Netanyahu reveals amount of talks with ‘Israel Hayom’ heads

“Everyone knows that all politicians in Israel speak to publishers, editors and journalists,” Netanyahu wrote.

September 1, 2017 08:21
2 minute read.
Benjamin Netanyahu and Sheldon Adelson

Benjamin Netanyahu and Sheldon Adelson. (photo credit: REUTERS)


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Prime Minister Benjamin Netanyahu spoke some 200 times to then-Israel Hayom editor Amos Regev and 100 times to the newspaper’s owner, Sheldon Adelson, between 2012 and 2015, Netanyahu revealed on his Facebook page Thursday night.

The revelations were required by the Supreme Court after the prime minister lost a court case to Channel 10 reporter Raviv Drucker. The court also required the prime minister to reveal the timing of the calls, in order to help determine Netanyahu’s impact on the newspaper’s headlines, but he has not yet submitted that information.

“Everyone knows that all politicians in Israel speak to publishers, editors and journalists,” Netanyahu wrote. “There is a constant discourse between politicians and the press, as is accepted in a democracy.”

Netanyahu posted a video of the Zionist Union’s strategist in the 2015 campaign, Tami Shienkman, speaking on Election Day to an editor of the Ynet website about a headline. The clip ironically came from a television show hosted by Drucker and a report by journalist Anat Goren, the mother of Drucker’s four sons.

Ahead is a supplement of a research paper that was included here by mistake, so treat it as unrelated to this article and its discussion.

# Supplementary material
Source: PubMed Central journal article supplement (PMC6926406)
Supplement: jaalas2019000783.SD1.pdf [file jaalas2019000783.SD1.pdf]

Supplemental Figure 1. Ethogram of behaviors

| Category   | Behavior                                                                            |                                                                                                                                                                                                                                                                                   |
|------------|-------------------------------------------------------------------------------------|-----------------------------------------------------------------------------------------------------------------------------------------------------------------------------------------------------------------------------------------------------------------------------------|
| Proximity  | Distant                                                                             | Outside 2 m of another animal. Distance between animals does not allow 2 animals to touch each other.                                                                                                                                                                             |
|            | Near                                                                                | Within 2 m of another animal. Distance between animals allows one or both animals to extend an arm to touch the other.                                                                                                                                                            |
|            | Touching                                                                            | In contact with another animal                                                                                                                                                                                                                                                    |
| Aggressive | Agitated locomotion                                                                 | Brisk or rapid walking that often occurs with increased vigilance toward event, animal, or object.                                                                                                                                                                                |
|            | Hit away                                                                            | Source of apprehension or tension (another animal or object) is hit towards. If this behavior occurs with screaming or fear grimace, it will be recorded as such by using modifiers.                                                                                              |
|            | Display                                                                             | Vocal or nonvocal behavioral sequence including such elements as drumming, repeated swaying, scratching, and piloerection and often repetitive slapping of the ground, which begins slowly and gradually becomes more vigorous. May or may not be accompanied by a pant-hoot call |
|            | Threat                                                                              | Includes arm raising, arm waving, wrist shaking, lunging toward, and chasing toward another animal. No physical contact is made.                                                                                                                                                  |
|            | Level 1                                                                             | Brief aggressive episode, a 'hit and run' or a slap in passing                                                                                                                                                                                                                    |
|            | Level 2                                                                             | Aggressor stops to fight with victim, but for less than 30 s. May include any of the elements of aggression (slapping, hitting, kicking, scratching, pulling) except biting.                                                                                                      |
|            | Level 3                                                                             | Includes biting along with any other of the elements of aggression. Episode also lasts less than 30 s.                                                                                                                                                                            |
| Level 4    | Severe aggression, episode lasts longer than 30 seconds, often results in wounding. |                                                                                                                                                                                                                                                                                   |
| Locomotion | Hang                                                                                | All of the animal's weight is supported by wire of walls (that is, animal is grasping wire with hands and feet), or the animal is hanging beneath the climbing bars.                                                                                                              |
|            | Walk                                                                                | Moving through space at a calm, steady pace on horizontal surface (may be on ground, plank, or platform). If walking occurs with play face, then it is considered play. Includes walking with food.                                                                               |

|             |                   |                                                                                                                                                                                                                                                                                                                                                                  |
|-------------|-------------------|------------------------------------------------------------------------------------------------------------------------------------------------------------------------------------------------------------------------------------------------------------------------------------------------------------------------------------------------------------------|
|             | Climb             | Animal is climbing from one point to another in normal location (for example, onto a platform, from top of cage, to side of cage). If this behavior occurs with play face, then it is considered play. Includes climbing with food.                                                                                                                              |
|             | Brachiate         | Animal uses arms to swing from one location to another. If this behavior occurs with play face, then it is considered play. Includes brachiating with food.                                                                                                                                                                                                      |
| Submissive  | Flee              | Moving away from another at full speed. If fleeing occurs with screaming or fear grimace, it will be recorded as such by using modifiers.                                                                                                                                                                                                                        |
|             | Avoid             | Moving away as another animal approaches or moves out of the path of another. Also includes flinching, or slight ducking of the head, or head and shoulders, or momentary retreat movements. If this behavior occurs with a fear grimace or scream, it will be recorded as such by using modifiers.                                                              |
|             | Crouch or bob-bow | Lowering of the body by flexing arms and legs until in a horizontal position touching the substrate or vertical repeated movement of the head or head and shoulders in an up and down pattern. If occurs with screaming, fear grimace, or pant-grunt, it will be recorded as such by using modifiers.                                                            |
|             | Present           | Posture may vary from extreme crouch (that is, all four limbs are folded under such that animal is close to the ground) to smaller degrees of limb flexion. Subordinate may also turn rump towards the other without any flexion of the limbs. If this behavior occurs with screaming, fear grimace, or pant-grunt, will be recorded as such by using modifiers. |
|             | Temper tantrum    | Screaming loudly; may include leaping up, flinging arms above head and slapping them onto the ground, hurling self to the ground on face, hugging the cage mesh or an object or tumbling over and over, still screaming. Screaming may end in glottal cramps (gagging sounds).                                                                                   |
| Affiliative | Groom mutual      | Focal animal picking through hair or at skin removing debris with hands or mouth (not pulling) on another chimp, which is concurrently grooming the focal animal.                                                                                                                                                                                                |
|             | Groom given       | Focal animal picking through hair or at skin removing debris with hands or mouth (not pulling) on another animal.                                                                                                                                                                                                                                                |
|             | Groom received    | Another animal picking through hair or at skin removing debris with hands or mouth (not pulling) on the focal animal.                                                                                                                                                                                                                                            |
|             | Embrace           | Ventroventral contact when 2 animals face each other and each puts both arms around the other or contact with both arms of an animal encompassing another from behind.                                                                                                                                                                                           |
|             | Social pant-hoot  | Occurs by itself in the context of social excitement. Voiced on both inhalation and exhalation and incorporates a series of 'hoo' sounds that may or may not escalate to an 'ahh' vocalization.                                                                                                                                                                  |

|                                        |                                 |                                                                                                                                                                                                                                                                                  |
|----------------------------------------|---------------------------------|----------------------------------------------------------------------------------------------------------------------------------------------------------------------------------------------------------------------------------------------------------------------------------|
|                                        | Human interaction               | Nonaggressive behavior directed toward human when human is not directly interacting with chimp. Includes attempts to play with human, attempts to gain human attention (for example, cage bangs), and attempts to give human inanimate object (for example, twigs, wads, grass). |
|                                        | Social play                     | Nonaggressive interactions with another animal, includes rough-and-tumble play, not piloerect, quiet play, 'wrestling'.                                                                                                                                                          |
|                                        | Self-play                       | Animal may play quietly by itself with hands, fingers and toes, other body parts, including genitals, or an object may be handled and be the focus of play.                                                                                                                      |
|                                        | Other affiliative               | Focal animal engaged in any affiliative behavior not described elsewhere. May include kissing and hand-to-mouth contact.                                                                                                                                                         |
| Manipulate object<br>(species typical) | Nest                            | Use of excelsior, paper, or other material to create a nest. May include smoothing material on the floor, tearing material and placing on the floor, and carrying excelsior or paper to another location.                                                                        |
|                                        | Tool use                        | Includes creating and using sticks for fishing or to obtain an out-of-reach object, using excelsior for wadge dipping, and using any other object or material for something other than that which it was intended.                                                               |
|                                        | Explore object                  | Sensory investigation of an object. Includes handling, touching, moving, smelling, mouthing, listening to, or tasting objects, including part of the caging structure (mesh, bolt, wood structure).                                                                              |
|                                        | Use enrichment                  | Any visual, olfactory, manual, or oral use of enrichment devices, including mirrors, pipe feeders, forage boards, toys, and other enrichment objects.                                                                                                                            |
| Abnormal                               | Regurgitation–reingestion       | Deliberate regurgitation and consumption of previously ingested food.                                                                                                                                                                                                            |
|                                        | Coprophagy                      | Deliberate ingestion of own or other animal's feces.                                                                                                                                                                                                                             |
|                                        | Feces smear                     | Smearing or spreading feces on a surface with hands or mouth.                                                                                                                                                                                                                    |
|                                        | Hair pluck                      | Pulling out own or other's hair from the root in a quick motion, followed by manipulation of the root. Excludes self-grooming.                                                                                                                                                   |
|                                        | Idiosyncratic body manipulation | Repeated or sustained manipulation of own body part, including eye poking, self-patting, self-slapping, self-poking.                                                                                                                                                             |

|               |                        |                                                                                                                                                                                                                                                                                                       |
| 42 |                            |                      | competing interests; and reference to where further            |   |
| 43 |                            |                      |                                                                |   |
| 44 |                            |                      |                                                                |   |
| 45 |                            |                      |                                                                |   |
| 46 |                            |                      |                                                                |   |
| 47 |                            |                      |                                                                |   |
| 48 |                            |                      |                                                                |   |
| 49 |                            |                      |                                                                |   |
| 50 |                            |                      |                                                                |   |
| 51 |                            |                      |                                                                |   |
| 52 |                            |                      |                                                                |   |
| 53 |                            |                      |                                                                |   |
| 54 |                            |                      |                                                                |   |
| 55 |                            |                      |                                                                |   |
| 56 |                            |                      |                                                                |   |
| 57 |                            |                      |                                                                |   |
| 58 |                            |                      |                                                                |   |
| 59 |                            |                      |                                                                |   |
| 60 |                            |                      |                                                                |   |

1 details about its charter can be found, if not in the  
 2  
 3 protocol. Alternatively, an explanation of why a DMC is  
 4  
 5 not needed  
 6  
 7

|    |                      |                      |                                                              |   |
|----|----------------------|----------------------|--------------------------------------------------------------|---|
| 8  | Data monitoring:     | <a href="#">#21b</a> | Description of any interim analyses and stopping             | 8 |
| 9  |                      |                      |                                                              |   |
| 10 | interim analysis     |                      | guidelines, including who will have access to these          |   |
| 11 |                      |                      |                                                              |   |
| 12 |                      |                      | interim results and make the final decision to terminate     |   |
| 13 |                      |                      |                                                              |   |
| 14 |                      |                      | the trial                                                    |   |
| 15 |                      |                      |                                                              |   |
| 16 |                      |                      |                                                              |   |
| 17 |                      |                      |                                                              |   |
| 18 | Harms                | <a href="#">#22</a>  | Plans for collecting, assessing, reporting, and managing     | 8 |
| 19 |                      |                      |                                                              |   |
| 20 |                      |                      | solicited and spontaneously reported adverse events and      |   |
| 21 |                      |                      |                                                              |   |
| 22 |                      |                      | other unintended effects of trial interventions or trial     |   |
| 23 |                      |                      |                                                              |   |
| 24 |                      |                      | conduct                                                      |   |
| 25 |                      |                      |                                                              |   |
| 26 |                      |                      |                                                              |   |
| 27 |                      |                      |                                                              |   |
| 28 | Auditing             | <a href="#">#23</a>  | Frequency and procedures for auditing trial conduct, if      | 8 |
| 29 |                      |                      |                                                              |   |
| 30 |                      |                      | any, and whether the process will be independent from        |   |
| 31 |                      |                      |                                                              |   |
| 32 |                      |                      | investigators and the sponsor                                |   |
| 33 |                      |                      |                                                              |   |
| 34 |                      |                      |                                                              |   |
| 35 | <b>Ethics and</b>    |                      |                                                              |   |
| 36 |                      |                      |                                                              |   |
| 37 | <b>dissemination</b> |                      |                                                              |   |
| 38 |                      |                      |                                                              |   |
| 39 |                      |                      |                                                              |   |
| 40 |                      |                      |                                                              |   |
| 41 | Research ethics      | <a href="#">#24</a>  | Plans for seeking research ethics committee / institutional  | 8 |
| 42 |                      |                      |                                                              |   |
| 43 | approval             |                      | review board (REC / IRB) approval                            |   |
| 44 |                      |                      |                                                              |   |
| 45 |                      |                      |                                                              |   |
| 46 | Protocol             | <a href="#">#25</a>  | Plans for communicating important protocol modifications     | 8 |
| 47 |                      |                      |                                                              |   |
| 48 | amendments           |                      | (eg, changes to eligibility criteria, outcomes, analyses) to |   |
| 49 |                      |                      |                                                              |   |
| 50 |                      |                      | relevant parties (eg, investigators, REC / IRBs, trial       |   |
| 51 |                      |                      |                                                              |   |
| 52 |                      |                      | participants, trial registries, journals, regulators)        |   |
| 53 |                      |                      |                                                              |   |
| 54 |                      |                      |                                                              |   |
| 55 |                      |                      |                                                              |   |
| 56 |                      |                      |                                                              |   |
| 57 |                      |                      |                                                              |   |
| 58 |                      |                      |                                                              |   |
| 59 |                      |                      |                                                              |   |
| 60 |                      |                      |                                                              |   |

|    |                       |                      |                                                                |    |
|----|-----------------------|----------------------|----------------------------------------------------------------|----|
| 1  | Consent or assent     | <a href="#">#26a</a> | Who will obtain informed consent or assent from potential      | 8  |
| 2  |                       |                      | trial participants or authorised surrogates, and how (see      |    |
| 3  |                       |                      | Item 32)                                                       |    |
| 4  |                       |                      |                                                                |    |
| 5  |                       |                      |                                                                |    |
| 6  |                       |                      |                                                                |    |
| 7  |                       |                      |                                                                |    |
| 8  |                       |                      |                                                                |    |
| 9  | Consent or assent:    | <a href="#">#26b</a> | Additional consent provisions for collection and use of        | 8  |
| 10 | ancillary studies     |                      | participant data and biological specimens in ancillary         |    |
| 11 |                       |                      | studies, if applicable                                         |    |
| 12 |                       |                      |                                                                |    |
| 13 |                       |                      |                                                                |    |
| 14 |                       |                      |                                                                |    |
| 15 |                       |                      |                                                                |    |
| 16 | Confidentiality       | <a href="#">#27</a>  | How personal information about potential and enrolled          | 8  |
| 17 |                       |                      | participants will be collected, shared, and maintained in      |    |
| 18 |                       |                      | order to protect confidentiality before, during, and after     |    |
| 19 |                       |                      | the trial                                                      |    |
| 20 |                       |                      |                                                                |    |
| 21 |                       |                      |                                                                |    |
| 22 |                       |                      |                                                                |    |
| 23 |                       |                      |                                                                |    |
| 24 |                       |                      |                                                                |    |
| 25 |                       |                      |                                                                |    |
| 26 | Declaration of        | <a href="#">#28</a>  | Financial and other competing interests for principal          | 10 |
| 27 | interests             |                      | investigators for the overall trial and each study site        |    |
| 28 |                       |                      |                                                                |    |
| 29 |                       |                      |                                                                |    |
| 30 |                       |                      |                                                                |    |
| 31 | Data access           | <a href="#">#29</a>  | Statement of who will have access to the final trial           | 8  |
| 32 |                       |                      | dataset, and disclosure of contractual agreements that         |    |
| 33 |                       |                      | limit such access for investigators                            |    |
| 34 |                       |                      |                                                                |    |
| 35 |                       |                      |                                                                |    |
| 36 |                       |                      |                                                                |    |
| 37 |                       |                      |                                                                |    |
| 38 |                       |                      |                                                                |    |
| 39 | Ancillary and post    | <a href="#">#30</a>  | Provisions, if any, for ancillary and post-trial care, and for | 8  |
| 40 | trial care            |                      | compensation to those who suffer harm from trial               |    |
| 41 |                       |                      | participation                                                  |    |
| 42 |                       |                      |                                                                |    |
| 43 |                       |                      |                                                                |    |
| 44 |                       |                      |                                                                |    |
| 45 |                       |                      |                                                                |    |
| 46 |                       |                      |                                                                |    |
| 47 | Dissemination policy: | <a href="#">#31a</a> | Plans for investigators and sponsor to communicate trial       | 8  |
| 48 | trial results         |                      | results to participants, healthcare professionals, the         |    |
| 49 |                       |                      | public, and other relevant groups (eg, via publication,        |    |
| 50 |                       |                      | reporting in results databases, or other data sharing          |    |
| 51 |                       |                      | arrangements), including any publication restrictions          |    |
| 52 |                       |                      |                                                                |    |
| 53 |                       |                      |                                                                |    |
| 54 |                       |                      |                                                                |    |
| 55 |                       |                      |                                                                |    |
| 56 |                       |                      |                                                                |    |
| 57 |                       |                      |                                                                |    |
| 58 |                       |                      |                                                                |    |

The prime minister said Adelson was a close friend for some 30 years and Regev edited the most-read newspaper in Israel. He said he opposed on principle the demand to reveal conversations between politicians and the press and that is why he appealed the court’s decision, but that if he loses, he expects that a uniform standard be applied to all politicians and the press.

Netanyahu lashed out at the press for half an hour in a speech at a pre-Rosh Hashana toast with Likud members on Wednesday night at Airport City near Ben-Gurion Airport.

Likud MK Bennie Begin criticized him on Thursday morning in an interview on Army Radio with journalist Ilana Dayan, who herself has clashed with the prime minister.

“There is truth to some of the criticism of the press by Netanyahu, but the media are varied and balanced,” Begin said, adding that he did not attend the event because he believed the concept of being loyal to his party’s leader was “nonsense.”

Another Likud MK who preferred to remain nameless said the speech was “embarrassing, unstatesmanlike, not particularly smart, not the speech of a leader” and made the MK feel very uncomfortable.

Netanyahu’s speech also faced criticism from former prime minister Ehud Barak, who said the prime minister displayed three P’s: Panicking, paranoia and psychosis.

“This is what the prime minister deals with?” Yesh Atid chairman Yair Lapid asked on Army Radio. “The prime minister is crying about bad things being written about him. He is not a victim. I also get attacked in the press. Freedom of expression is not intended for what is comfortable but for what is difficult to hear.”

Lawyers of Netanyahu’s former house manager Meni Naftali, whom the prime minister attacked at length in the speech, sent a letter threatening to sue him for libel and obstructing justice in the ongoing court case between them. The lawyers wrote that Netanyahu threatened potential witnesses with public shaming.

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